Chicago’s new Museum of Contemporary Art was built with six tons of synthetic gypsum drywall. That in itself is not extraordinary: There’s wallboard throughout the museum, which opened to the public in July. But what is unusual is that the museum’s fourth-floor drywall is partially made of gypsum that had been used in an art project called “Sulfur Cycle” by Chicago environmental artist Dan Peterman.
Synthetic gypsum is something of an “accidental building material.” It is formed during the reaction between limestone and sulfur used in power plant scrubbing systems which aim to reduce pollution by extracting sulfur from emissions.
Peterman’s “Sulfur Cycle” explores the effects of the 1990 Clear Air Act, enacted to help reduce both emissions and acid rain. It also calls attention to Chicago’s Clean Air Allowance Auction, an annual sale of sulfur dioxide “pollution rights,” co-sponsored by the Chicago Board of Trade and the Environmental Protection Agency.
“I want to introduce a language of ideas and issues, as opposed to drawing conclusions. One of my pathways is to look at ecological systems, but not knock you over the head,” says Peterman, who has received international recognition for art which uses reprocessed, post-consumer plastics and aluminum to focus on issues like recycling and waste disposal. Peterman’s past projects include a picnic table made from recycled plastic milk containers, and a model homeless shelter made of blocks of crushed aluminum cans.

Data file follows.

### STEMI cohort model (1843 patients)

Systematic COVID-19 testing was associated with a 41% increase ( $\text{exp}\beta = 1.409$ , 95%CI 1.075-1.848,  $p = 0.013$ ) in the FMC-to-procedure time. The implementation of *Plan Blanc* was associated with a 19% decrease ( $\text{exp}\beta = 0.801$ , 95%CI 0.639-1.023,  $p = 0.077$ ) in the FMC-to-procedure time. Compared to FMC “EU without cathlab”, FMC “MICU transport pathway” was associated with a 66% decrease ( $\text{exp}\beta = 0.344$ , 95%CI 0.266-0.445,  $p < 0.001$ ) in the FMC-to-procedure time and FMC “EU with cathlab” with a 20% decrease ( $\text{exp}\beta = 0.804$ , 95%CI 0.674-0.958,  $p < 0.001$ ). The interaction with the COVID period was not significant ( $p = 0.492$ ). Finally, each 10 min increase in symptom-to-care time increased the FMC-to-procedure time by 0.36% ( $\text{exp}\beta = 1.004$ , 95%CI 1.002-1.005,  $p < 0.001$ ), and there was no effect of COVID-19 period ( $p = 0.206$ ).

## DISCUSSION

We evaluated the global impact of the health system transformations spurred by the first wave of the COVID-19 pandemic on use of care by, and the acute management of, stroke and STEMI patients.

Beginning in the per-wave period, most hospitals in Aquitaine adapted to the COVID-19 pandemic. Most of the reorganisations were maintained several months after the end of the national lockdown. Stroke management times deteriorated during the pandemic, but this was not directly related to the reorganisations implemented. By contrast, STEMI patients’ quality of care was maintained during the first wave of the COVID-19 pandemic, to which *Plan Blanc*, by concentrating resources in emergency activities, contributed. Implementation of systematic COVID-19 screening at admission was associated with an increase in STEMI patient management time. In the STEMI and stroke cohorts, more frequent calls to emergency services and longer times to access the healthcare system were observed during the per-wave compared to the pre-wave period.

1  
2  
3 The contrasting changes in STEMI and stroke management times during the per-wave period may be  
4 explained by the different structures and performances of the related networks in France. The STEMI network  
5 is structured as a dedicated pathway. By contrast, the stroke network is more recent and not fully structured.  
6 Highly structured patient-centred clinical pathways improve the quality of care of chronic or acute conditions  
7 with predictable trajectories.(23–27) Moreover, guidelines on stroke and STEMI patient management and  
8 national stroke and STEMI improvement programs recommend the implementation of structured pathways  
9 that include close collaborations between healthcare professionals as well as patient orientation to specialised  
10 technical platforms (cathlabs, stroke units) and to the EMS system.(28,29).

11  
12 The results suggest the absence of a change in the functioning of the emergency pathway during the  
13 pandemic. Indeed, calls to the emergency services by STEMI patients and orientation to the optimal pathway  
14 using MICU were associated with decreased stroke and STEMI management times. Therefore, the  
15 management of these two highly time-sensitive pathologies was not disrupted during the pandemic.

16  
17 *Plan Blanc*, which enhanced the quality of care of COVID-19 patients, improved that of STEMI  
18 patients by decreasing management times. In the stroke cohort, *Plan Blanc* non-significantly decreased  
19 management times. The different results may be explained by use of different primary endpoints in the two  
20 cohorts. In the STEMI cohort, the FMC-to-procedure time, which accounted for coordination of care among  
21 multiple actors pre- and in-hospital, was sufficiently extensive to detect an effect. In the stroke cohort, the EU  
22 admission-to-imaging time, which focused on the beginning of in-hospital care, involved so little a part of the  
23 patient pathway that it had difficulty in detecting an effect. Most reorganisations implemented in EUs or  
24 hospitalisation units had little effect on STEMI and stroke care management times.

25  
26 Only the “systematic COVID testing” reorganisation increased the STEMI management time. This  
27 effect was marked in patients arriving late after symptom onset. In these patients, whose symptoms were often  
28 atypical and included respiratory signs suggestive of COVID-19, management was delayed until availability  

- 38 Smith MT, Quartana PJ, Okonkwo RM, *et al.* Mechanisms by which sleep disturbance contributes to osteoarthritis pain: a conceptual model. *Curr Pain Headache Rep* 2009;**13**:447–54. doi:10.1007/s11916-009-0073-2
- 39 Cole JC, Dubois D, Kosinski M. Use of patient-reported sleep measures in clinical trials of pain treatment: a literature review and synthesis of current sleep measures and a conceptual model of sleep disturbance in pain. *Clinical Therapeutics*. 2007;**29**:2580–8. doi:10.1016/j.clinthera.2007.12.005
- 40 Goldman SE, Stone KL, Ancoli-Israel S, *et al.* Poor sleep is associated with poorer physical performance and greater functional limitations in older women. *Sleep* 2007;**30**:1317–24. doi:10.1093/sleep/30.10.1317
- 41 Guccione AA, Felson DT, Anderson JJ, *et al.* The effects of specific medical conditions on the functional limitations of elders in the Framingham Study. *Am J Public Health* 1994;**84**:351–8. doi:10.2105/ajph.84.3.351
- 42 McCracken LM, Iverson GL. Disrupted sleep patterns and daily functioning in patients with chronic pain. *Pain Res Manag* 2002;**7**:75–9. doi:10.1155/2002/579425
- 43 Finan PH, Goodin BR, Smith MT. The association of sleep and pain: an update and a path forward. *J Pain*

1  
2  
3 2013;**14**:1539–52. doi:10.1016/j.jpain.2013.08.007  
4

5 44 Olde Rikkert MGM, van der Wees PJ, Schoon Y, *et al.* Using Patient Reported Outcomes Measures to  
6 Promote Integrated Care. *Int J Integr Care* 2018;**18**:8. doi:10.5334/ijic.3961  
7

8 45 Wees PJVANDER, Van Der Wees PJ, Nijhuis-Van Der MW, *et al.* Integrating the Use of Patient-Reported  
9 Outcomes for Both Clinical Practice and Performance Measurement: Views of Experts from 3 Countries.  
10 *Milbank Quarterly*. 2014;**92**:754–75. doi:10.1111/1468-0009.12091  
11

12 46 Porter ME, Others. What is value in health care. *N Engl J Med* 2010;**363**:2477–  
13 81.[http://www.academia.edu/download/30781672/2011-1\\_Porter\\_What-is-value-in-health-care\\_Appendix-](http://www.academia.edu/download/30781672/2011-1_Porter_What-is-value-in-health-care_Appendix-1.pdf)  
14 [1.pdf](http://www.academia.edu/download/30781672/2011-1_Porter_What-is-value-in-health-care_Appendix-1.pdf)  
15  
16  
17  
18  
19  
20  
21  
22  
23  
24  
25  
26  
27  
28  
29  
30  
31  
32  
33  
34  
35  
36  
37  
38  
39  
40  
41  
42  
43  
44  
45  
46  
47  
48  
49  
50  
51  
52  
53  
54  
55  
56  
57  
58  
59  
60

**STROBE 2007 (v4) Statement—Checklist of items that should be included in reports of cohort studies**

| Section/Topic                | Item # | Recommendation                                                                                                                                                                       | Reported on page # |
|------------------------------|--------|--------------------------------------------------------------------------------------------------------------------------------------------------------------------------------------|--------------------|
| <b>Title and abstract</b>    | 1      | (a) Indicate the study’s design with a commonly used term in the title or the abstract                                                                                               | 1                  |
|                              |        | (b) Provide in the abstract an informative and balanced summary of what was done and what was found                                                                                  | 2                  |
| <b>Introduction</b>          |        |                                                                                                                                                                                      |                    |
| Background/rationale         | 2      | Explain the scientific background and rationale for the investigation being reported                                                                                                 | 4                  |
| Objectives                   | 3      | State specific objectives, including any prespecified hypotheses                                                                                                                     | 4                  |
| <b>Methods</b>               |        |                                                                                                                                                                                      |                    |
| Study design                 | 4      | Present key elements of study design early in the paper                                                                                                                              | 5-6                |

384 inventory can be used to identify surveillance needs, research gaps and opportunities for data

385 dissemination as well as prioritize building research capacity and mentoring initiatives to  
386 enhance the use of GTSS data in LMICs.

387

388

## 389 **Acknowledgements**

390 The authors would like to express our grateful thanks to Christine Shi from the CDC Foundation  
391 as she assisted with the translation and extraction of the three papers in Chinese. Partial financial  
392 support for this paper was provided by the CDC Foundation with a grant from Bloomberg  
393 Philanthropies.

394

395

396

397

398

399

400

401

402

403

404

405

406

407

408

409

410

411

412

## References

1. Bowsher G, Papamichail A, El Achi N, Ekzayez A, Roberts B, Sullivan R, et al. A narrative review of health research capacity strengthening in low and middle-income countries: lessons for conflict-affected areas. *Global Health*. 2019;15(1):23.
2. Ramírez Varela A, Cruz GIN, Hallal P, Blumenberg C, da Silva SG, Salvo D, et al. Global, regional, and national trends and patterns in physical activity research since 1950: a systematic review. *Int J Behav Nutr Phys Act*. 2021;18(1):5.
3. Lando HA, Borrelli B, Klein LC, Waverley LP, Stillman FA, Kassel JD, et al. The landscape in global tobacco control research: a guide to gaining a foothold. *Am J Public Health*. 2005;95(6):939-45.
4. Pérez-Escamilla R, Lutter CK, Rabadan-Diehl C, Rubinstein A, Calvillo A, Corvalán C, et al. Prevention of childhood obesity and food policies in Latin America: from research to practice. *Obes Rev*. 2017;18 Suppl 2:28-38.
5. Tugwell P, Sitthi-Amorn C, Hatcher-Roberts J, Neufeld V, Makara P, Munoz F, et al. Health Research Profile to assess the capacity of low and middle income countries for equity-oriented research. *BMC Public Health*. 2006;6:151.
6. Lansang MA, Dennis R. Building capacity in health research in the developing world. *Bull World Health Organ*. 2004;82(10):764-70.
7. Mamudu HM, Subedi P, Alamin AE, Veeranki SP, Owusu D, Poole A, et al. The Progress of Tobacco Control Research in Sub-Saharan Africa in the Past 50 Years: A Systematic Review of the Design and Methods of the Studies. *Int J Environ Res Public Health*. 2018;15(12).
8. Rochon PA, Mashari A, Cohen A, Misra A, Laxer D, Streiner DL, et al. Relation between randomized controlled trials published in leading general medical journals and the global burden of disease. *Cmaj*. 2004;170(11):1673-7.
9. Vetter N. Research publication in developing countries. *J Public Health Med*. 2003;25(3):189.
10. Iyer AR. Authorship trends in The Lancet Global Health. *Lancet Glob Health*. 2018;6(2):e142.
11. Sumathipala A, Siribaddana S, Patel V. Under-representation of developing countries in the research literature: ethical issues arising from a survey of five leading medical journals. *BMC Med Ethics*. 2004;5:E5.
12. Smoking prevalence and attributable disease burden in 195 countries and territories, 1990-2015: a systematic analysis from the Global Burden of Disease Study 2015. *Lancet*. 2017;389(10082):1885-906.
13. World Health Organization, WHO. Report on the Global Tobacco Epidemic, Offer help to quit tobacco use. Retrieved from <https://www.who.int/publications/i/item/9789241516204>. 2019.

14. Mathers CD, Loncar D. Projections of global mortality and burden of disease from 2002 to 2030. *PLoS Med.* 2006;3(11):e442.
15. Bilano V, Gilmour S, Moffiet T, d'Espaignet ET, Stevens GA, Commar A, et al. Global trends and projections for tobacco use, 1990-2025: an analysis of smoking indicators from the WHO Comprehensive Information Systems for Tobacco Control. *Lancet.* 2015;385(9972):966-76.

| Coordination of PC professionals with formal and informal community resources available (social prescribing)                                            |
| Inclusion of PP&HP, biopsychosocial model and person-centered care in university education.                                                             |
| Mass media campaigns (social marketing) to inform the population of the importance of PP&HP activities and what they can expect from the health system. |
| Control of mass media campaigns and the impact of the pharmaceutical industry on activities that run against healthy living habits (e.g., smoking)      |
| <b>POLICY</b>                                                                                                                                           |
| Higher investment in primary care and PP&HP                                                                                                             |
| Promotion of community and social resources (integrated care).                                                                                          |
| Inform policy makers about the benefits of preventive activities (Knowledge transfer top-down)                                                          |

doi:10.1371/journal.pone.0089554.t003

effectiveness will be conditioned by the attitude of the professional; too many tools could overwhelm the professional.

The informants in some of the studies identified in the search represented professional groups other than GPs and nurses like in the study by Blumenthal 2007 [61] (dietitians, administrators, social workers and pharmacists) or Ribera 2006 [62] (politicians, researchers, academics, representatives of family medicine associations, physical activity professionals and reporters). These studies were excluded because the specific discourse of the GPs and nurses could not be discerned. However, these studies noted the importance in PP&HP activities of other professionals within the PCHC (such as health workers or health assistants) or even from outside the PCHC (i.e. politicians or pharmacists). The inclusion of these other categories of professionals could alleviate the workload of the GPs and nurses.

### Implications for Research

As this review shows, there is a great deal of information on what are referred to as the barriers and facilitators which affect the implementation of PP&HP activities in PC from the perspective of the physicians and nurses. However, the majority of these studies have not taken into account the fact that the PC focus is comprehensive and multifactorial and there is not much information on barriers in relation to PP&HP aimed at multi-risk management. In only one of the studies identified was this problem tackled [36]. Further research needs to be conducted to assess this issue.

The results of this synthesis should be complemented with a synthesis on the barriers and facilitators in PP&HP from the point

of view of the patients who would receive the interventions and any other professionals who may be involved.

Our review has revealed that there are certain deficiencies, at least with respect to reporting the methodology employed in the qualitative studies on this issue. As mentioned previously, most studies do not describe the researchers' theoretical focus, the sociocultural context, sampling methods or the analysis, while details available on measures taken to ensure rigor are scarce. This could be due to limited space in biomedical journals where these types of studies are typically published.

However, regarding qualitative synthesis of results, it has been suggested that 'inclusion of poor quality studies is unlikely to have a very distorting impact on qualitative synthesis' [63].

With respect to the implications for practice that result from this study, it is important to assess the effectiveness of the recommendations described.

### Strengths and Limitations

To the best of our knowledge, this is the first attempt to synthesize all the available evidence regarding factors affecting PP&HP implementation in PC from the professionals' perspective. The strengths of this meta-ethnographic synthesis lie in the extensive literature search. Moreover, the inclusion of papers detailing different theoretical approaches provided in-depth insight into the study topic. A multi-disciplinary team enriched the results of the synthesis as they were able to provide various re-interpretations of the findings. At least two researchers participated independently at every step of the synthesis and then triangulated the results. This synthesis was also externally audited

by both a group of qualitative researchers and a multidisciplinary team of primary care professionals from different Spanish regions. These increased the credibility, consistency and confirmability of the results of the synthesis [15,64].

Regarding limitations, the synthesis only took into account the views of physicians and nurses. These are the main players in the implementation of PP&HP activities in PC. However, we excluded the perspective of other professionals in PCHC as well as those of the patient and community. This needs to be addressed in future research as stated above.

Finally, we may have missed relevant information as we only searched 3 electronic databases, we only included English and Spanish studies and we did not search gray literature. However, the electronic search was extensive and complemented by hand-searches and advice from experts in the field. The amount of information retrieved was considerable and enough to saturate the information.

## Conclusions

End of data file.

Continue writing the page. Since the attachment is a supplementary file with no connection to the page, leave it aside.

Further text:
The original “Sulfur Cycle” exhibit consisted of 164 sheets of ordinary drywall laid out in six stacks on the museum floor, each stack weighing a ton. But in the new museum, Peterman’s drywall contains a ton of “displaced” sulfur from a coal-burning electric power plant in Porter, Indiana that otherwise would have become air pollution. Peterman also acquired the sulfur’s emissions rights (the legal right to send it up a smokestack) for $250 a ton. Peterman’s “pollution records” (trading certificate and displaced sulfur) will remain in the museum until the acquired “right to pollute” expires in 2001.
“The claim of being an ecological artist leads people to assume you have a ‘save the world’ philosophy,” says Peterman, who works with the non-profit Chicago Resource Center. “I would simply say that the environment is quietly motivating me.”